Most of us can hardly conceive of this. We are, on a symbolic level, Fingees, able to understand isolation only from the outside. In our prelapsarian innocence, we might well spend our last days, like the Fingees at La Foret, planning the parties we’ll be throwing in our new, tight quarters. Steffen, a 26-year-old German researcher, already has taken inventory of birthdays and
Asked if they feel the year ahead might chasten or otherwise change them, the Pole first-timers are dismissive. “Naaah,” Rabid Rodney says nonchalantly. Steffen giggles. But Daring Dave is more thoughtful. “I’m sure it will,” he says. “I’m a little afraid, like maybe I’ll be messed up after this, but I don’t think so. I think we’ll all be fine. We’ll just be good and toasty by
It’s hard to know, of course, how this enforced isolation will affect anyone. For those who’ve never experienced it, who know it only from a distance, it can seem so titillating, a potential party, or perhaps, most desirably, an escape — a big blind date with yourself and a bunch of new friends. But spend time with the people who’ve actually spent time at the Pole and
The hungers and deprivations of this long winter make the return north almost overwhelmingly beautiful, as one’s senses are inundated. Many South Pole veterans claim to have a permanently heightened sense of smell. Creative Craig has described to me in prolonged, sensual detail the first thing he rushed for once the plane deposited him in Christchurch, New Zealand: a cold tall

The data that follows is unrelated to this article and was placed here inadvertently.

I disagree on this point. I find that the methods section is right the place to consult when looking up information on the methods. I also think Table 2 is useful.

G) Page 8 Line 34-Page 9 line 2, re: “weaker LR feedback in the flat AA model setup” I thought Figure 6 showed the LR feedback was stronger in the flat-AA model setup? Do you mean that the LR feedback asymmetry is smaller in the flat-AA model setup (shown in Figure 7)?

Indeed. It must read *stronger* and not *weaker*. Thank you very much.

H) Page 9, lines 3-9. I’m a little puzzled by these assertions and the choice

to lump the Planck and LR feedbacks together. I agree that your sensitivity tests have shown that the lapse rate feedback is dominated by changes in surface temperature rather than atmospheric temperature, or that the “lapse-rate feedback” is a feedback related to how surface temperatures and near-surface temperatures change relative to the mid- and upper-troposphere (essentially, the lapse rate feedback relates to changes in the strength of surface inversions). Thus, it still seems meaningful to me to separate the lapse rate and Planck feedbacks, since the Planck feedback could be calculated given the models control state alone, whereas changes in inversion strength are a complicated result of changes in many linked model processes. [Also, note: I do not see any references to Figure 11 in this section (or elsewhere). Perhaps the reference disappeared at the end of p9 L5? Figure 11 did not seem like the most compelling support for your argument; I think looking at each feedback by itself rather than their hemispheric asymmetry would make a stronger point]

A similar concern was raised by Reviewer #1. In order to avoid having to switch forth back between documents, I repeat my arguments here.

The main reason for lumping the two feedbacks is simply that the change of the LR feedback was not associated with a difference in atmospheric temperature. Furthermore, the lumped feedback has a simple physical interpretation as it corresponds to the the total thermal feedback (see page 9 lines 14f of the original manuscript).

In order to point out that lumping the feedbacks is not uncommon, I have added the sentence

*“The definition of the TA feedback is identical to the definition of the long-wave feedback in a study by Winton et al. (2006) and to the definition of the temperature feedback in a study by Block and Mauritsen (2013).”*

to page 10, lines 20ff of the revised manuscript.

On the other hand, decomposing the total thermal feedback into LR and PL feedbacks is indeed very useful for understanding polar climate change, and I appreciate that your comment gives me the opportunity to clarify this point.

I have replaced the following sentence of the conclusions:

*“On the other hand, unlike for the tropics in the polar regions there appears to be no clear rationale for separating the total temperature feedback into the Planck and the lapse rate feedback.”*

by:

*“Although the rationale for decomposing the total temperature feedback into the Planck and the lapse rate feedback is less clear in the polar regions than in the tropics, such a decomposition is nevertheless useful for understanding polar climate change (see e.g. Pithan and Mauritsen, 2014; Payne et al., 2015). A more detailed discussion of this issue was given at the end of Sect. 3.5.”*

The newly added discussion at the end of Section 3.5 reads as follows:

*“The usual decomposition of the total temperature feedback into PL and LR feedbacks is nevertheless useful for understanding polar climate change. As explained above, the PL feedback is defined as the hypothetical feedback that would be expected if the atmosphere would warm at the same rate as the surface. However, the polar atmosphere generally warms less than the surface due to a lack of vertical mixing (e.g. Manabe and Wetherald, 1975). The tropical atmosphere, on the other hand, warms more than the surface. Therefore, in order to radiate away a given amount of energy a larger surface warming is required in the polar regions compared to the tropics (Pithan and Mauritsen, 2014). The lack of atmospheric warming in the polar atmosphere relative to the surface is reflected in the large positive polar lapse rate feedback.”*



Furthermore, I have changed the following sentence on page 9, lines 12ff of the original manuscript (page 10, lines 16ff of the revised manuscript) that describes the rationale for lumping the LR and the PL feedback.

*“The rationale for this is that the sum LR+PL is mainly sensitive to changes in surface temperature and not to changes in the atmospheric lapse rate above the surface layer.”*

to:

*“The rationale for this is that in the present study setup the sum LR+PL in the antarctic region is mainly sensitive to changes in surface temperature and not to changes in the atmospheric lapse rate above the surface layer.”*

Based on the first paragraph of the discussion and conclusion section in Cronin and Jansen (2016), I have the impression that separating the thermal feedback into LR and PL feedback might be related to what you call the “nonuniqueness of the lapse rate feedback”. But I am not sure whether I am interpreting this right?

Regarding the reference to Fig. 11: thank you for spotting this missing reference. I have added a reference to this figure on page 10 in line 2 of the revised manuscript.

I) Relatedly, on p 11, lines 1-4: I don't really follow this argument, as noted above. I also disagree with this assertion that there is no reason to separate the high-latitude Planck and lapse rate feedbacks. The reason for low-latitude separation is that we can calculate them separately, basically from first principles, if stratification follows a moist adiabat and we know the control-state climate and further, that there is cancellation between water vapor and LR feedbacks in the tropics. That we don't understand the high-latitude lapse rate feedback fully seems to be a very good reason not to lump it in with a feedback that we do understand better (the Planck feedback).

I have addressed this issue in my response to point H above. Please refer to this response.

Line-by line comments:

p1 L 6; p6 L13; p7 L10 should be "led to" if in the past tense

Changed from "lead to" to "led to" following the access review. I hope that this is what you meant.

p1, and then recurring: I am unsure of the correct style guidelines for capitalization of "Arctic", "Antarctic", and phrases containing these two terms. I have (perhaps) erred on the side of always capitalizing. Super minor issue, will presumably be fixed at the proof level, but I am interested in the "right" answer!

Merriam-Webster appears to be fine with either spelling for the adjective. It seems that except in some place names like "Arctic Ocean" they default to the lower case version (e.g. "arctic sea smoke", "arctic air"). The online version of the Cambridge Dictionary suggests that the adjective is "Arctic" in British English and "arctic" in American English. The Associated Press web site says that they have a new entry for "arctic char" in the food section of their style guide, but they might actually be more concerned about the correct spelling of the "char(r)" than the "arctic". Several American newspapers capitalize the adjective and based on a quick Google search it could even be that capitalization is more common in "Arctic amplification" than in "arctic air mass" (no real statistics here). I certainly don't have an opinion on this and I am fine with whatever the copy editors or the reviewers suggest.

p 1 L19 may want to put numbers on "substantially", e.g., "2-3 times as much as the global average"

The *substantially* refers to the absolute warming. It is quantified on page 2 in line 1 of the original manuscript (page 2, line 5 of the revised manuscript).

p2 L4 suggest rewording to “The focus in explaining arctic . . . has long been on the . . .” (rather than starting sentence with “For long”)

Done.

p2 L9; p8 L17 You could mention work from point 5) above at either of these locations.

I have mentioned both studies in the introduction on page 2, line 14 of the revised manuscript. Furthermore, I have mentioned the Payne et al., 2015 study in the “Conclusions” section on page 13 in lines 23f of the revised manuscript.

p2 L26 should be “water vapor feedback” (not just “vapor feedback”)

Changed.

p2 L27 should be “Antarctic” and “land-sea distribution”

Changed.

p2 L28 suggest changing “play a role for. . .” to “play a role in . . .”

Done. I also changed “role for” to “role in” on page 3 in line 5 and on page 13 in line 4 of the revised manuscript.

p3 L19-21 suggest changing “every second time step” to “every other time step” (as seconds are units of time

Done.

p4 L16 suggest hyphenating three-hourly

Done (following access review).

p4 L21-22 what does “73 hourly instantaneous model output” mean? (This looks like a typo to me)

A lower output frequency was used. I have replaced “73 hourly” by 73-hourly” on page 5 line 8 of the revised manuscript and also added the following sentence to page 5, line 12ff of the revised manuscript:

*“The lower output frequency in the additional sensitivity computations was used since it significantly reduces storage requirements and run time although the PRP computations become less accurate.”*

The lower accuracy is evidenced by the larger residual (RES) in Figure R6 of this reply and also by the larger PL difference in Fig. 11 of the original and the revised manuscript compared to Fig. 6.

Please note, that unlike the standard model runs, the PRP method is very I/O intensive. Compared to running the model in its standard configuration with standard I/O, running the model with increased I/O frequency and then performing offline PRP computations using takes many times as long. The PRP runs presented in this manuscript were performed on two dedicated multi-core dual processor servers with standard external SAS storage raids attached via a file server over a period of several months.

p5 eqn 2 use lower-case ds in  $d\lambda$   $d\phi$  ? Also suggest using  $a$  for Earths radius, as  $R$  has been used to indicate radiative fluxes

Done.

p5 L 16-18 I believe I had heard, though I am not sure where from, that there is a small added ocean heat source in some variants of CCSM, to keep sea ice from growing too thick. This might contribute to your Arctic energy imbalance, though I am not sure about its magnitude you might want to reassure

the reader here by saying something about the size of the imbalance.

Sitting at a bar with the other toasties on one of the last nights of camp, Paul, who tends the station’s power plant, grows momentarily wistful. “Last time I came off the ice,” he says, “I got to Christchurch and immediately went to sleep. The next morning I walked over to the botanical gardens. I found a bench and just sat there, getting acquainted with the trees. And then I
AFTER CAMP ENDS, IN THE FEW WEEKS REMAINING BEFORE THEY
Most have begun to feel trepidation, to have second thoughts. Merry Mary, whose first year of marriage to Gumby will be consumed by their service at the station, admits to me at one point that the prospect of the long bleak winter is unnerving, her only previous Antarctic experience having been at the relatively luxe Palmer base, accessible by ship all year. “The Pole is so
There’s so much still that the group cannot know or control. When they finally do leave en masse in mid-October, they’ll go, for instance, without Loud Larry, he of the authoritarian temperament and multiple knives, who was asked at the last minute to withdraw. Bad weather later will strand the entire group first in New Zealand and then at McMurdo station, 840 miles from their
And then, for the next several months, the group will watch the sunlight at the Pole weaken, diminish, and finally disappear. By now, in early February, the first winds of winter will have begun to howl. Within the next two weeks, the last plane will arrive, carrying in 27,000 pounds of perishables to supplement the kilo of sun-dried tomatoes and 800 pounds of French Roast
Sara Corbett, who last chronicled the hapless U.S. ski-jumping team for Outside (February, 1996), is the author of Venus to the Hoop: A Gold Medal Year in Women’s Basketball (Doubleday).